Remember when Mark Zuckerberg caused public outcry on Kauaʻi after seeking land titles from kuleana property owners? Yeah, Hawaiʻi lawmakers haven’t forgotten either. A bill before the State Legislature aims to change the way these property disputes are resolved.
Senate Bill 1495 may make it harder for new landowners to clear title and establish ownership of their little piece of paradise. They commonly establish clear title by filing quiet title lawsuits, and thus “quiet” any challenges to the property. Healani Sonoda-Pale, a proponent of the bill, says this has particularly impacted native Hawaiian descendants known as “kuleana land owners.”
“Kuleana land owners are landowners who have lived on their lands for at least 170 years. They’ve occupied, owned it, cultivated it, you know, raised their families on their lands,” says Sonoda-Pale.
Or at least some of them have. No one keeps good numbers. Still, there’s support for legislation to protect them.
“This bill is important because it levels the legal playing field for kuleana land owners,” says Sonoda-Pale.
The measure would require mediation in these land disputes as opposed to often-costly litigation that many kuleana landowners can’t afford.
“Mediation will actually force this big landowner to come face-to-face with these families,” says Sonoda-Pale.
But Mike Gibson, an attorney with Ashford and Wriston who represents clients in quiet title cases, says mediation is already an option.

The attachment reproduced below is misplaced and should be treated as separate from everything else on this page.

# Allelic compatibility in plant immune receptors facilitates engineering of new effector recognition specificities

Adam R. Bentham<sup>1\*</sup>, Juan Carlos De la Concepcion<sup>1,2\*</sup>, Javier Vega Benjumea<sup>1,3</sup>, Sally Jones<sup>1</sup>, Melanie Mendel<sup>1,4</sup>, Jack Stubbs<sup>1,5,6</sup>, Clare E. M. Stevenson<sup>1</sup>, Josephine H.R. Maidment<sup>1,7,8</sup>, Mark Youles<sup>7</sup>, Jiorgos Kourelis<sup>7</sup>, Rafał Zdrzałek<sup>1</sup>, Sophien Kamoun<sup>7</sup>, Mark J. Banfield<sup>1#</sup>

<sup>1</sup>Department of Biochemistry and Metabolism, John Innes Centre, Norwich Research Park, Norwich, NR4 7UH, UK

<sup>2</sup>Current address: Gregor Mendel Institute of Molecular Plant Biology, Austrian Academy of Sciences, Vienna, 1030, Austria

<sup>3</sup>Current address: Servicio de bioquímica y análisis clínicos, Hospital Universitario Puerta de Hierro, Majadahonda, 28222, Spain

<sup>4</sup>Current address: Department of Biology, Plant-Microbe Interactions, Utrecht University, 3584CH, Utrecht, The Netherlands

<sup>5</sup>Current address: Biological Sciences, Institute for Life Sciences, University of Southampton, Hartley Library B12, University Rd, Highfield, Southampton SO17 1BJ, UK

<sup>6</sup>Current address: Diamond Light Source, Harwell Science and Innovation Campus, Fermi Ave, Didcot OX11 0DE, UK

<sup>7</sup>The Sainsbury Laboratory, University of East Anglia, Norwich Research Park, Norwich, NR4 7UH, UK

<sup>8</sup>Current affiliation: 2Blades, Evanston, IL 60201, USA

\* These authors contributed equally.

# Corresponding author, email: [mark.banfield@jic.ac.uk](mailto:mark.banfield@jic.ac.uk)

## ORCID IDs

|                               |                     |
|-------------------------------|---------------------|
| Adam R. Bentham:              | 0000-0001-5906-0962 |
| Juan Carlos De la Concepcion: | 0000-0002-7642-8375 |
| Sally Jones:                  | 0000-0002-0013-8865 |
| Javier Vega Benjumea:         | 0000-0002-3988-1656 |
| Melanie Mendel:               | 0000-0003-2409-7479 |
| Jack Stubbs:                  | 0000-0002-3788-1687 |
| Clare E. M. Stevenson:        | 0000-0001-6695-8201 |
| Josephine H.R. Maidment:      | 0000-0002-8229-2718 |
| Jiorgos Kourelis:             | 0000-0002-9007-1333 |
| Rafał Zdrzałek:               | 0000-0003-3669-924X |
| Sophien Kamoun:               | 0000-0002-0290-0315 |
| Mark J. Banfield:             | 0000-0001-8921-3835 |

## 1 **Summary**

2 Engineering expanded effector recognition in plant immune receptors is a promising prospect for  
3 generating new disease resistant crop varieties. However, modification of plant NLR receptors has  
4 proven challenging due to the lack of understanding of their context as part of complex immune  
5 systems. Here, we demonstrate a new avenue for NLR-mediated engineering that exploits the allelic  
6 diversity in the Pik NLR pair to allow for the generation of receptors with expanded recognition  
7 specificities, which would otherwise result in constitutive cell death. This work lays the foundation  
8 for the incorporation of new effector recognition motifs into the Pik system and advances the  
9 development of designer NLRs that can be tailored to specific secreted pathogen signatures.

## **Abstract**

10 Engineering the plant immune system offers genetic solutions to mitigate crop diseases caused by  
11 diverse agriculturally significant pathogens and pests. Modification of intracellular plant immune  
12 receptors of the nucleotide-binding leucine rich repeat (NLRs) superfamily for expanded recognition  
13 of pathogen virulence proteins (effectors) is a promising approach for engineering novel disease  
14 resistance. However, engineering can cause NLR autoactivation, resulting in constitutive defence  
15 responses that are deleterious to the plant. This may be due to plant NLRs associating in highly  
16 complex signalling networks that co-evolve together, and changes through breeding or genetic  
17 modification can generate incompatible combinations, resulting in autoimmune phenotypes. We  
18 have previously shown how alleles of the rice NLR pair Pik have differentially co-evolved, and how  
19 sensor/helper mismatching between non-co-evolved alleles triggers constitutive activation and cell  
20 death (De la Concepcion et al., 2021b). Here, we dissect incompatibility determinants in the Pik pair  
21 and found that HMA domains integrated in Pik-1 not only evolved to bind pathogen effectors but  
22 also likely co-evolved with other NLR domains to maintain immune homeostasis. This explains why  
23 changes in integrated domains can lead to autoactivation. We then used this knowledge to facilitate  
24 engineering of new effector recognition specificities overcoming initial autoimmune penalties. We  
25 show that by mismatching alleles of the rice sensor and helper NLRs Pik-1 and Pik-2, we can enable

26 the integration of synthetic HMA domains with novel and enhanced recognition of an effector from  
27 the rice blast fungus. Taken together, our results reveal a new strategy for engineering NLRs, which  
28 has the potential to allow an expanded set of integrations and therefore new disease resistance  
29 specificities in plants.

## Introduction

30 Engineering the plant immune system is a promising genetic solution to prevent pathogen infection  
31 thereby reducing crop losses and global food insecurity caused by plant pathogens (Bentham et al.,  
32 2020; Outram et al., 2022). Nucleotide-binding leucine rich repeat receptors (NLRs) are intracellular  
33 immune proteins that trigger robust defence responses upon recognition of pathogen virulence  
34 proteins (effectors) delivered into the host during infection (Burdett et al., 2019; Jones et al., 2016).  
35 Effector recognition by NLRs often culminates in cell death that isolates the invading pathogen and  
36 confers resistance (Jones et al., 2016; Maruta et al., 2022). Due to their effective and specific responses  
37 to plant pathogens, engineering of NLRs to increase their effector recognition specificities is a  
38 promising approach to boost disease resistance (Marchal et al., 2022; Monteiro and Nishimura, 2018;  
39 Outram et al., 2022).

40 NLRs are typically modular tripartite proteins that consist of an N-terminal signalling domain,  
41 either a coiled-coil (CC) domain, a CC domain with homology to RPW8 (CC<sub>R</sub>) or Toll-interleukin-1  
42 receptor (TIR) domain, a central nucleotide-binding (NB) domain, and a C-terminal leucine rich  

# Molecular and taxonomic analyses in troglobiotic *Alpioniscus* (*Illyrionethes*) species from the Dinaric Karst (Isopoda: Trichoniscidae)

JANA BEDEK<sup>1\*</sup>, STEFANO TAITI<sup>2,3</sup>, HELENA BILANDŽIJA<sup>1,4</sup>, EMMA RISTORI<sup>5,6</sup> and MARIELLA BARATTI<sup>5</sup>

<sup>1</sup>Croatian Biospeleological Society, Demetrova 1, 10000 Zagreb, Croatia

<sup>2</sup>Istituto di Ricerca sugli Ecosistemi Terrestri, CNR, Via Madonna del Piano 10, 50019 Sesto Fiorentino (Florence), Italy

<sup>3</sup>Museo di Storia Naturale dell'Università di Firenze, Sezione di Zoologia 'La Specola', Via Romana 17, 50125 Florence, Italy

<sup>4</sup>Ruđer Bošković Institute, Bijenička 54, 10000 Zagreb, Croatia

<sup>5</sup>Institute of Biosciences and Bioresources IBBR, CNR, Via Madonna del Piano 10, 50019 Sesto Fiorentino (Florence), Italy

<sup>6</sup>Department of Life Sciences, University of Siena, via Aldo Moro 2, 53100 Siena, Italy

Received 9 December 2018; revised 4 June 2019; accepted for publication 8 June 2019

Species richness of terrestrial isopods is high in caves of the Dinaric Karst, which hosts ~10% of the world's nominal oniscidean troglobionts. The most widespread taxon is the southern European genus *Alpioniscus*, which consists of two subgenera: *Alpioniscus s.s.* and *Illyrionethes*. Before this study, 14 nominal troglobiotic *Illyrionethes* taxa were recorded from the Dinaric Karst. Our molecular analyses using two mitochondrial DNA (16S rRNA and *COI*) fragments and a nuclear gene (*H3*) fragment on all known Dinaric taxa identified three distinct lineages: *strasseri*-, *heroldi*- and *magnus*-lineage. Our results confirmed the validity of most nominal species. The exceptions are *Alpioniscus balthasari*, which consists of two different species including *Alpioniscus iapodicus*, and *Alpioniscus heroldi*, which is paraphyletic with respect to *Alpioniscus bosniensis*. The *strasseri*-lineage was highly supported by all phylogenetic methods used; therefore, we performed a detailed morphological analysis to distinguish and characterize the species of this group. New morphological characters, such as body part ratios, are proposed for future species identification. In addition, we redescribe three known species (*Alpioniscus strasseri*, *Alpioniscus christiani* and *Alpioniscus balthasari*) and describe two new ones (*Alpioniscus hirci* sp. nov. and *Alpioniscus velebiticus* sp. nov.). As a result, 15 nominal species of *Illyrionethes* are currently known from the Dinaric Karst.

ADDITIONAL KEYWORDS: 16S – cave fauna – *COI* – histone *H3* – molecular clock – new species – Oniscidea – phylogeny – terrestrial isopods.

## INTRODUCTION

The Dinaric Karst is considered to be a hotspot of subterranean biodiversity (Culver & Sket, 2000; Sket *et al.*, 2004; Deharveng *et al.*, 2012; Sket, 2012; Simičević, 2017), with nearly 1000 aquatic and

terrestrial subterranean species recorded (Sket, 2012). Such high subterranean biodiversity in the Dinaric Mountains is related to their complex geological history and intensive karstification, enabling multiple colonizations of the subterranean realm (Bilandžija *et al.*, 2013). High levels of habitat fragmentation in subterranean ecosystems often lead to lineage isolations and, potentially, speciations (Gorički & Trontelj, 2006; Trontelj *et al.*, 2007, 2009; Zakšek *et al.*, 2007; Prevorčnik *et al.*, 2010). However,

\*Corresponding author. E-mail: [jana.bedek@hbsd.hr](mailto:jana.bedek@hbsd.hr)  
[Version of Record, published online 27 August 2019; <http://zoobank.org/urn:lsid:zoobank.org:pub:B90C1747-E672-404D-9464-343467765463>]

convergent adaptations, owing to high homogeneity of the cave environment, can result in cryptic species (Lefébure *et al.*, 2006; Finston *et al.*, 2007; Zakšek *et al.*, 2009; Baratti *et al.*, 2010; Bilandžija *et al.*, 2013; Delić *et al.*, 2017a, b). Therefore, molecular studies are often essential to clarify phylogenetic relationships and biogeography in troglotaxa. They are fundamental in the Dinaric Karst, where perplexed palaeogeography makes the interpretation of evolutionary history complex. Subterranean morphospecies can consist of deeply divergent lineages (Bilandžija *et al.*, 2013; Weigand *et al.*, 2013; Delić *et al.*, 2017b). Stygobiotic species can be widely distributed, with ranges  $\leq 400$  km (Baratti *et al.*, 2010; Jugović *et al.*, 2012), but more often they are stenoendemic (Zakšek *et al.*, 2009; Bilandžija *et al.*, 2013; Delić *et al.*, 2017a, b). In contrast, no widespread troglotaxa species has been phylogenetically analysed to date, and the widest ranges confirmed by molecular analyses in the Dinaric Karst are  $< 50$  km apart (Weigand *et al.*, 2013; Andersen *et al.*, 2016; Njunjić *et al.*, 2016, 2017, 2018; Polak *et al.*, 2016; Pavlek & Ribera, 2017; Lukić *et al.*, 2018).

“We’re not opposed to mediation. Mandatory mediation probably is not likely to work,” says Gibson, “It’s going to make it more expensive to go through these cases. It could also take longer without really too much benefit.”
Gibson says in 40 years working on quiet title cases, none of his cases have been resolved through mediation. He says, the bigger issue is a public misconception that every quiet title case involves a billionaire attempting to make a land grab.
“Most of my cases involve families,” says Gibson, “And it’s difficult because the family has owned the property jointly for so long, some people have lived on the property, others haven’t been able to live on the property.”
Some people have paid property taxes, others haven’t. He says these are complicated cases.
“But they’re not usually some rich corporation or individual trying to kick a long-time Hawaiian family off of the property,” says Gibson, “It’s much more likely to be an inter-family fight.”
Mark Zuckerberg, the Facebook CEO, eventually withdrew his quiet title lawsuit after the protest on Kauaʻi. But the issue remains.
The Senate Judiciary Committee will take up S.B. 1495 tomorrow morning.